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ARTICLE |

A New Role for Ambulatory Blood Pressure Monitoring?

Thomas G. Pickering, MD, DPhil
JAMA. 1997;278(13):1110. doi:10.1001/jama.1997.03550130084042.
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It has been known for more than 50 years that the blood pressure (BP) of hypertensive patients measured in a medical setting such as a physician's office tends to be higher than in other settings.1 With the introduction of noninvasive ambulatory BP monitoring, researchers showed that about 20% of patients hypertensive in the physician's office have normal BPs outside the office, a phenomenon usually referred to as white coat hypertension.2 Whether such patients should be given antihypertensive medication remains controversial, but most experts believe that the best policy is simply to monitor their BP on a regular basis, both in and out of the office.3 There is also evidence that if patients with white coat hypertension are started on medication, the office BP is reduced but not the BP during the rest of the day.4 Ambulatory monitoring so far has been used in clinical practice principally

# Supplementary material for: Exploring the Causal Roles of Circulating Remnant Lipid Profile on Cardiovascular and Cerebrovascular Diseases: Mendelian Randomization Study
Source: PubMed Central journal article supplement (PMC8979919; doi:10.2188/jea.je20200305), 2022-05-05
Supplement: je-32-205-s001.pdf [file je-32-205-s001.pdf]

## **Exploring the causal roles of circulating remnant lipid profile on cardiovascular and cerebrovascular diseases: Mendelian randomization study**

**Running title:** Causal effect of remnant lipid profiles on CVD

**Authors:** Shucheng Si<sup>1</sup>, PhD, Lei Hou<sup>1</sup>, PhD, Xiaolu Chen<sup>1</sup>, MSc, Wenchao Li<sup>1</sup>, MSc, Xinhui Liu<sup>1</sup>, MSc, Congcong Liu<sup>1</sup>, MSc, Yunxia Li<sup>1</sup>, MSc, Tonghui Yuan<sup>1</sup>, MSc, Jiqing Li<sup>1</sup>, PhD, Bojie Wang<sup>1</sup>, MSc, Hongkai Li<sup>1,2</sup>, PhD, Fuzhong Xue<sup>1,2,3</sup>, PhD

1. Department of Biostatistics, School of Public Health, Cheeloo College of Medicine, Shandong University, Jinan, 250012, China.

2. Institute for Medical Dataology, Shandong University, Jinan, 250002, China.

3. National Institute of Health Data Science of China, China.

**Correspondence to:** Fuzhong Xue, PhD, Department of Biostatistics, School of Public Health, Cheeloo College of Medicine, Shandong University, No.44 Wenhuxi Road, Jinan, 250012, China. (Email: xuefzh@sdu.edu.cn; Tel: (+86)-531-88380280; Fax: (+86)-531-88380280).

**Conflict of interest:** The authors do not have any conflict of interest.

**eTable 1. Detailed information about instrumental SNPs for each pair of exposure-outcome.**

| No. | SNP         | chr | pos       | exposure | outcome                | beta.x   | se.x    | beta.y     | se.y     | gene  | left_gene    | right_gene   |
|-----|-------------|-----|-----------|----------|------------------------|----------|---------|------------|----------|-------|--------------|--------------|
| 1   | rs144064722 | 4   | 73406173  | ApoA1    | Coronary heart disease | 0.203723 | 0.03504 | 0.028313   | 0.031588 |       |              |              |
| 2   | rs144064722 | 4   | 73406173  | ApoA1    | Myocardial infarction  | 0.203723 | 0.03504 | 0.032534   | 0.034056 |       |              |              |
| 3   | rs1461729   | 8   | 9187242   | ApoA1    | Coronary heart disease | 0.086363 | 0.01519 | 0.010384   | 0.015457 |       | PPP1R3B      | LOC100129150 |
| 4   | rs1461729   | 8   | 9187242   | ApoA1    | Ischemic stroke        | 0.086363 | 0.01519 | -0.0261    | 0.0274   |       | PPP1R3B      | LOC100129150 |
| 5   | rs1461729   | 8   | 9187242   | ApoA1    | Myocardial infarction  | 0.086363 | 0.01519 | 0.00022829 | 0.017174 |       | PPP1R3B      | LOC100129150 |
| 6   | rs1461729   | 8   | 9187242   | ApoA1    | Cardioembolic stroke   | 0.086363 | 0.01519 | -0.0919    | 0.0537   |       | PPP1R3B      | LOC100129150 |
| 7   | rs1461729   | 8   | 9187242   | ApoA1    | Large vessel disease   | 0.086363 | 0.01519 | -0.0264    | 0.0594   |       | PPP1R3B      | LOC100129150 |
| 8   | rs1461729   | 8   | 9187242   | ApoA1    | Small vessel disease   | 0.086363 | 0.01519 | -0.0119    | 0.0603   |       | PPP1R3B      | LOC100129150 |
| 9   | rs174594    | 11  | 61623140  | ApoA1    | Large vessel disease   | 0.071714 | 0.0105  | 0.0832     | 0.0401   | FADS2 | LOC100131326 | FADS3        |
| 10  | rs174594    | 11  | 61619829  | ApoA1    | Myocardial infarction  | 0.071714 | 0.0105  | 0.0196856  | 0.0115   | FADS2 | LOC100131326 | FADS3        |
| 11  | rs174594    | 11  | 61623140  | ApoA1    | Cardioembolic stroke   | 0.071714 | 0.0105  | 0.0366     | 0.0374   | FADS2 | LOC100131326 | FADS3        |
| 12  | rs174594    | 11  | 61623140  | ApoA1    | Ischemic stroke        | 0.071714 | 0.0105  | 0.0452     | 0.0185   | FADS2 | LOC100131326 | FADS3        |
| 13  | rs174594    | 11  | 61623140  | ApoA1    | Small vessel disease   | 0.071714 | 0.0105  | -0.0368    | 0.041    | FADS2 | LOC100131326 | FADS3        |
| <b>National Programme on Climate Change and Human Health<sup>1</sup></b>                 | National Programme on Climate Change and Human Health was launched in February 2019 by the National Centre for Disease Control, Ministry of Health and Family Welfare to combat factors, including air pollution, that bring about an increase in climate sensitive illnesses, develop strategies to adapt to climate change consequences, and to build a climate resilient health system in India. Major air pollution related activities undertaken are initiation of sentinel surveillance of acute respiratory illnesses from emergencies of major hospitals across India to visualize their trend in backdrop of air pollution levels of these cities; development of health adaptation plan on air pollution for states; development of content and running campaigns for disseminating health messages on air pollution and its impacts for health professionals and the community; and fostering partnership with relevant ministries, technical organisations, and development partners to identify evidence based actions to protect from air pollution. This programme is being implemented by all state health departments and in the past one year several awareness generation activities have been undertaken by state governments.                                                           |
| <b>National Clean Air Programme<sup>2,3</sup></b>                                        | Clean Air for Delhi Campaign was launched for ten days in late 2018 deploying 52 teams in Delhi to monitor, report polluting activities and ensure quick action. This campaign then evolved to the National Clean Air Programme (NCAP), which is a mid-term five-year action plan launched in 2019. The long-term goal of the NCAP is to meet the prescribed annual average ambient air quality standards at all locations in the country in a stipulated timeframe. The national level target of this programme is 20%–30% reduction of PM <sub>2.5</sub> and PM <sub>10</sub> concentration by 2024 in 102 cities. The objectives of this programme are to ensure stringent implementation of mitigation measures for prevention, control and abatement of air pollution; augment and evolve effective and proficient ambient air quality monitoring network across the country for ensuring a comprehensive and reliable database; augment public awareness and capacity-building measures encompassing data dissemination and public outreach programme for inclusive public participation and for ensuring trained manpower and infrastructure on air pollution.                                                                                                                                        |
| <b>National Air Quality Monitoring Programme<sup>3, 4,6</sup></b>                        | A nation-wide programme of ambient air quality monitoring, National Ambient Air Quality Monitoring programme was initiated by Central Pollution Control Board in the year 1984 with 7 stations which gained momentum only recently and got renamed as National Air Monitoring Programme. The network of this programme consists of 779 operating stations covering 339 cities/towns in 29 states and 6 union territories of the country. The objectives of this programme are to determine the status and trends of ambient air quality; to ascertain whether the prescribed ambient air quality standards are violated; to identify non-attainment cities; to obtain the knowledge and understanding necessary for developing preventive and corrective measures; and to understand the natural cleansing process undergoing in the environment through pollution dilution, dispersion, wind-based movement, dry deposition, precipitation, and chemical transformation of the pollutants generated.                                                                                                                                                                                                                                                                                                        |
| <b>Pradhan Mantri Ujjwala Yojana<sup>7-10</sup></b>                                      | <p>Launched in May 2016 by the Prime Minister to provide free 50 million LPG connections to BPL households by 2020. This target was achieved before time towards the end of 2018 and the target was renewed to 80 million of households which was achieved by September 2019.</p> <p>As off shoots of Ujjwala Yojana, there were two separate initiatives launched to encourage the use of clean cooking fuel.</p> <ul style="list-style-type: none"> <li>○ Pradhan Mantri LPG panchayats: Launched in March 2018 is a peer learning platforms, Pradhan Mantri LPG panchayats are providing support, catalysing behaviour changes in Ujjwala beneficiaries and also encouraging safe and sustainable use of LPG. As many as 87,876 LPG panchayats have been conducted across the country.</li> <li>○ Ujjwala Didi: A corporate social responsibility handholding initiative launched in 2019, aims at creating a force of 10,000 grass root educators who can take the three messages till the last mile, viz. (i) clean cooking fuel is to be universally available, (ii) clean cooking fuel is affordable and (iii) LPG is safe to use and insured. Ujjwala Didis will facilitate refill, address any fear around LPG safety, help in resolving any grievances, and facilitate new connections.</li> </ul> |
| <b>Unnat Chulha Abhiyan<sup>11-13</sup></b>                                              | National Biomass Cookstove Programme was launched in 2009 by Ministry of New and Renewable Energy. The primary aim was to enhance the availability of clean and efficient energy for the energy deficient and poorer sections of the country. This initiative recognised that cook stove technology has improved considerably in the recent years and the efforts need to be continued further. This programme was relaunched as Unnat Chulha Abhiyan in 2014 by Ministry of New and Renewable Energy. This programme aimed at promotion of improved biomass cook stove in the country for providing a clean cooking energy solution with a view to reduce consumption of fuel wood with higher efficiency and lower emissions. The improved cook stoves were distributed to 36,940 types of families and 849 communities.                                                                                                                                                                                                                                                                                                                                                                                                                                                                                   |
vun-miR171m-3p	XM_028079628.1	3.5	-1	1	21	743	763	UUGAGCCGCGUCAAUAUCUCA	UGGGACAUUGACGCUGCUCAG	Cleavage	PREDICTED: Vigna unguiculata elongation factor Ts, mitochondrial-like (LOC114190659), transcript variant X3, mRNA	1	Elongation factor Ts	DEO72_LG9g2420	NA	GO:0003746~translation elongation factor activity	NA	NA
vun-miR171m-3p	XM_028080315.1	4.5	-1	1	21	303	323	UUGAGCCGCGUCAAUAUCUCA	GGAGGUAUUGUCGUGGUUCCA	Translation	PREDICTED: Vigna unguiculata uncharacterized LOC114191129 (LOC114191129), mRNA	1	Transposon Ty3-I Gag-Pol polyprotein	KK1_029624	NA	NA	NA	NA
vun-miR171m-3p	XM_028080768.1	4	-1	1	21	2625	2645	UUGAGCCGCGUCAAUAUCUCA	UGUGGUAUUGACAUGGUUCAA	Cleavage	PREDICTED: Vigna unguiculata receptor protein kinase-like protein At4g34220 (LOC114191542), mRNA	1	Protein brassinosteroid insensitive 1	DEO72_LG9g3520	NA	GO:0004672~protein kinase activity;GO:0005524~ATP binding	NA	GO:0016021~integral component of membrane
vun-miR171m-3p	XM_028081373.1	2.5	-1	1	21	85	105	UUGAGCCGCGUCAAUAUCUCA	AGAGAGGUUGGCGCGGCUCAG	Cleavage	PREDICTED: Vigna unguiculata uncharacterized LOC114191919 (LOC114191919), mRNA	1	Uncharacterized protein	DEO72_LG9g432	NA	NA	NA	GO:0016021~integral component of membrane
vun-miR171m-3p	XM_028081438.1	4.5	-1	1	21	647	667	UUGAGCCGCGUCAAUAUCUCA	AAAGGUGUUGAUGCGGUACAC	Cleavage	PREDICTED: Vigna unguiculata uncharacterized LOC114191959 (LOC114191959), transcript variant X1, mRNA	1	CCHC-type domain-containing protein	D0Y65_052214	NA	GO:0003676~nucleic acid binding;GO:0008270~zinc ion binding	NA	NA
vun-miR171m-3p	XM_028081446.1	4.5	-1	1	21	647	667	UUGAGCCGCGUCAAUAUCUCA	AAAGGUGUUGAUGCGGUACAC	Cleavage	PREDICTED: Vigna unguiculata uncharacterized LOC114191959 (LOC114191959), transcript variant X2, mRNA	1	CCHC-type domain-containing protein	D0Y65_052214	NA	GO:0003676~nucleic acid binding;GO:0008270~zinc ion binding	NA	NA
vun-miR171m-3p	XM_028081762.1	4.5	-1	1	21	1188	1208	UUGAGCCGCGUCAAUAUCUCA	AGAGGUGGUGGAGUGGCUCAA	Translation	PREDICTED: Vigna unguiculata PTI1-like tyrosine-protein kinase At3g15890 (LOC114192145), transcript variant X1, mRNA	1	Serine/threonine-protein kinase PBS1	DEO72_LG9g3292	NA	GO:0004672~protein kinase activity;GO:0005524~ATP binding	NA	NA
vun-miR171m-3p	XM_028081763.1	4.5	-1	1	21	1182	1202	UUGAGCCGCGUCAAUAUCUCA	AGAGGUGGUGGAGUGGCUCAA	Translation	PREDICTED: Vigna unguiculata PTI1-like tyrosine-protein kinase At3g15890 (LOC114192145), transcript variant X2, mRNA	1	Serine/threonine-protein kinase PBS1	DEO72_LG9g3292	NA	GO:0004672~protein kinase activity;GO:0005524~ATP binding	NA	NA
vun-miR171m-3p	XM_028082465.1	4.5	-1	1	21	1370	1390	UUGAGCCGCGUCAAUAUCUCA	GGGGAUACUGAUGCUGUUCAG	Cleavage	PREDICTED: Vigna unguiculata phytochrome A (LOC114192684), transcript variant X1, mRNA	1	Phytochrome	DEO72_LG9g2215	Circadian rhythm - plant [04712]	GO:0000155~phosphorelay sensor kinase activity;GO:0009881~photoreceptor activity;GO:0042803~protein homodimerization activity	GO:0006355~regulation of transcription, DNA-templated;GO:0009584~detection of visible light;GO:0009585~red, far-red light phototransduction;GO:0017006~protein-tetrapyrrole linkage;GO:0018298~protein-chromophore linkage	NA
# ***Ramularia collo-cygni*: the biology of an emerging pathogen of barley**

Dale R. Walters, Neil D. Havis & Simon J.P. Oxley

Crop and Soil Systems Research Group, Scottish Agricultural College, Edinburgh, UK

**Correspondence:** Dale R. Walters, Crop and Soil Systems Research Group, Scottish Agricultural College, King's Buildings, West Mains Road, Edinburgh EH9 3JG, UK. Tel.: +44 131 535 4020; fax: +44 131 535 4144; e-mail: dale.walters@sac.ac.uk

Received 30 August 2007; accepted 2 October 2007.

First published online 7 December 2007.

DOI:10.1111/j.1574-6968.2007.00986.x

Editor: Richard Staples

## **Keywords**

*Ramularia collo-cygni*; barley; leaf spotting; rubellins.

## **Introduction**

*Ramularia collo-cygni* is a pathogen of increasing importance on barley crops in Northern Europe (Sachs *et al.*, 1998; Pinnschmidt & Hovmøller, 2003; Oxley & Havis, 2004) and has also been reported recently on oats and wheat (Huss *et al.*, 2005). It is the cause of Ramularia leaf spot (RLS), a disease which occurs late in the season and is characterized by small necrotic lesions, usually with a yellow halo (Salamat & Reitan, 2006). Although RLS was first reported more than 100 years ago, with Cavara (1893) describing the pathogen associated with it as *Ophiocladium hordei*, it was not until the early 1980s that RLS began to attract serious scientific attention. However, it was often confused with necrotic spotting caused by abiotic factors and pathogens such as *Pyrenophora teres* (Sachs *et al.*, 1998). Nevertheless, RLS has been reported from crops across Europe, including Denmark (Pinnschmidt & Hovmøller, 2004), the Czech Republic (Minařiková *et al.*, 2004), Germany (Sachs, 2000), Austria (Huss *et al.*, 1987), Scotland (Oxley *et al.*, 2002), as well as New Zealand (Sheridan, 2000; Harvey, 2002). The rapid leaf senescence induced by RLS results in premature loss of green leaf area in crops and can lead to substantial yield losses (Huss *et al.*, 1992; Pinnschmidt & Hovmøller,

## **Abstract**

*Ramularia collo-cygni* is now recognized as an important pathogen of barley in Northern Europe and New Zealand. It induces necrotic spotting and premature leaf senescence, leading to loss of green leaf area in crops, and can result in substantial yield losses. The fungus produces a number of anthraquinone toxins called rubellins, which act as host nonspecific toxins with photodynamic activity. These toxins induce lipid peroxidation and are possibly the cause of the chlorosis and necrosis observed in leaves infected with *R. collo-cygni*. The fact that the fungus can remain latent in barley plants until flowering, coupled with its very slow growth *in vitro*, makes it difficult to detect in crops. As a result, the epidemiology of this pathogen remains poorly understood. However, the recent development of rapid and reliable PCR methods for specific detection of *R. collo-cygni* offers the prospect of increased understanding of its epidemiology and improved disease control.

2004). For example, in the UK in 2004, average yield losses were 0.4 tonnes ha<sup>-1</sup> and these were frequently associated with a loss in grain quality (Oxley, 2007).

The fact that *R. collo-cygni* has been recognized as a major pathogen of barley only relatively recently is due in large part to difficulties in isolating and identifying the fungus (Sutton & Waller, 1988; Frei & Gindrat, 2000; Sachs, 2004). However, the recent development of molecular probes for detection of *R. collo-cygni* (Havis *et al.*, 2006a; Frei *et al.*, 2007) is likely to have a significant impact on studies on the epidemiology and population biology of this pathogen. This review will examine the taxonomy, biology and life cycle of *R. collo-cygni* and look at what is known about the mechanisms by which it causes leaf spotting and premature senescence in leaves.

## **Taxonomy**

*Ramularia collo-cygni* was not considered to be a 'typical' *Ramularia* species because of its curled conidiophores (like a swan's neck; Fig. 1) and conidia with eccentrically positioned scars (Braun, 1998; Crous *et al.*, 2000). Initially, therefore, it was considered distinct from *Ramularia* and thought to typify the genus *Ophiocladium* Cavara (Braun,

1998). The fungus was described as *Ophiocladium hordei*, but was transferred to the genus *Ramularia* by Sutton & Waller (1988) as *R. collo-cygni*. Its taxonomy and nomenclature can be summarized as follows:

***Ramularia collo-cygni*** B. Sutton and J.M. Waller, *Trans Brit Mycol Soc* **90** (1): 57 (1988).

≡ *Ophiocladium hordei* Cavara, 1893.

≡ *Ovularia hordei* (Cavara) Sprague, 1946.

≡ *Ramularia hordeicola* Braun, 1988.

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The American Medical Association is accredited by the Accreditation Council for Continuing Medical Education to provide continuing medical education for physicians. The AMA designates this journal-based CME activity for a maximum of 1 AMA PRA Category 1 CreditTM per course. Physicians should claim only the credit commensurate with the extent of their participation in the activity. Physicians who complete the CME course and score at least 80% correct on the quiz are eligible for AMA PRA Category 1 CreditTM.
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